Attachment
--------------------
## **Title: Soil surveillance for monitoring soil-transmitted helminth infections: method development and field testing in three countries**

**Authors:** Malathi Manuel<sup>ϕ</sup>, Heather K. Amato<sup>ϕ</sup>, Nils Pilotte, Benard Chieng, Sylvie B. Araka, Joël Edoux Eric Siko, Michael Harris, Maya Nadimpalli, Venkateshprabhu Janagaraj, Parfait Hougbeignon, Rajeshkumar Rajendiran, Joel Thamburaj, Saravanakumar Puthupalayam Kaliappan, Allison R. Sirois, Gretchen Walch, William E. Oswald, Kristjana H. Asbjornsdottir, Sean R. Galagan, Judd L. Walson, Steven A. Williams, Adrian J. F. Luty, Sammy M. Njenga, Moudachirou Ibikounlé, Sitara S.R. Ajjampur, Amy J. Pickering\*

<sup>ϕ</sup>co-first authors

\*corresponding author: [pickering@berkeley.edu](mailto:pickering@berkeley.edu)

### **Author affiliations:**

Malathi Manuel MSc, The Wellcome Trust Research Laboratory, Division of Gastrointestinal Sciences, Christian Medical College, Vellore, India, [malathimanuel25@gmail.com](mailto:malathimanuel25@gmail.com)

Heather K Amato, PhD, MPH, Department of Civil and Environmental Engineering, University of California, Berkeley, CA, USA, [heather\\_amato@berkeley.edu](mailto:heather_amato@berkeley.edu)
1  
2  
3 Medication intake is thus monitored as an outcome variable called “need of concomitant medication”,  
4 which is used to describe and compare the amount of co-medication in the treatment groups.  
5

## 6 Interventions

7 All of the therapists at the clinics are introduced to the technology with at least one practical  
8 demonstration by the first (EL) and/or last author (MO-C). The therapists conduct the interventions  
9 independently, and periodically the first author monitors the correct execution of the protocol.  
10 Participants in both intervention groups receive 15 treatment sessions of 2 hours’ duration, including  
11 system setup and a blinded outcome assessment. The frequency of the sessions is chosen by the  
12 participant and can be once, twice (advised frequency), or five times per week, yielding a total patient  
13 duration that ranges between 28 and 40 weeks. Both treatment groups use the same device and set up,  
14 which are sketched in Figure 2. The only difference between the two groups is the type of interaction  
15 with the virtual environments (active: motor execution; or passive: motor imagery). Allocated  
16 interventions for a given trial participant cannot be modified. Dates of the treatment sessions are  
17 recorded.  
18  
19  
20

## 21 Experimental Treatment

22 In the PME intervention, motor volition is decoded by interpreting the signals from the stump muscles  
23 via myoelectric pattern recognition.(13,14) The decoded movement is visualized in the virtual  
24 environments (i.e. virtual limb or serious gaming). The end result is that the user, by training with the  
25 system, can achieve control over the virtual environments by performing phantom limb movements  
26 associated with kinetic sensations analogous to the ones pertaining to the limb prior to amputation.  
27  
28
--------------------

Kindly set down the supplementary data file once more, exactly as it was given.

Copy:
## **Title: Soil surveillance for monitoring soil-transmitted helminth infections: method development and field testing in three countries**

**Authors:** Malathi Manuel<sup>ϕ</sup>, Heather K. Amato<sup>ϕ</sup>, Nils Pilotte, Benard Chieng, Sylvie B. Araka, Joël Edoux Eric Siko, Michael Harris, Maya Nadimpalli, Venkateshprabhu Janagaraj, Parfait Hougbeignon, Rajeshkumar Rajendiran, Joel Thamburaj, Saravanakumar Puthupalayam Kaliappan, Allison R. Sirois, Gretchen Walch, William E. Oswald, Kristjana H. Asbjornsdottir, Sean R. Galagan, Judd L. Walson, Steven A. Williams, Adrian J. F. Luty, Sammy M. Njenga, Moudachirou Ibikounlé, Sitara S.R. Ajjampur, Amy J. Pickering\*

<sup>ϕ</sup>co-first authors

\*corresponding author: [pickering@berkeley.edu](mailto:pickering@berkeley.edu)

### **Author affiliations:**

Malathi Manuel MSc, The Wellcome Trust Research Laboratory, Division of Gastrointestinal Sciences, Christian Medical College, Vellore, India, [malathimanuel25@gmail.com](mailto:malathimanuel25@gmail.com)

Heather K Amato, PhD, MPH, Department of Civil and Environmental Engineering, University of California, Berkeley, CA, USA, [heather\\_amato@berkeley.edu](mailto:heather_amato@berkeley.edu)
1  
2  
3 Medication intake is thus monitored as an outcome variable called “need of concomitant medication”,  
4 which is used to describe and compare the amount of co-medication in the treatment groups.  
5

## 6 Interventions

7 All of the therapists at the clinics are introduced to the technology with at least one practical  
8 demonstration by the first (EL) and/or last author (MO-C). The therapists conduct the interventions  
9 independently, and periodically the first author monitors the correct execution of the protocol.  
10 Participants in both intervention groups receive 15 treatment sessions of 2 hours’ duration, including  
11 system setup and a blinded outcome assessment. The frequency of the sessions is chosen by the  
12 participant and can be once, twice (advised frequency), or five times per week, yielding a total patient  
13 duration that ranges between 28 and 40 weeks. Both treatment groups use the same device and set up,  
14 which are sketched in Figure 2. The only difference between the two groups is the type of interaction  
15 with the virtual environments (active: motor execution; or passive: motor imagery). Allocated  
16 interventions for a given trial participant cannot be modified. Dates of the treatment sessions are  
17 recorded.  
18  
19  
20

## 21 Experimental Treatment

22 In the PME intervention, motor volition is decoded by interpreting the signals from the stump muscles  
23 via myoelectric pattern recognition.(13,14) The decoded movement is visualized in the virtual  
24 environments (i.e. virtual limb or serious gaming). The end result is that the user, by training with the  
25 system, can achieve control over the virtual environments by performing phantom limb movements  
26 associated with kinetic sensations analogous to the ones pertaining to the limb prior to amputation.  
27  
28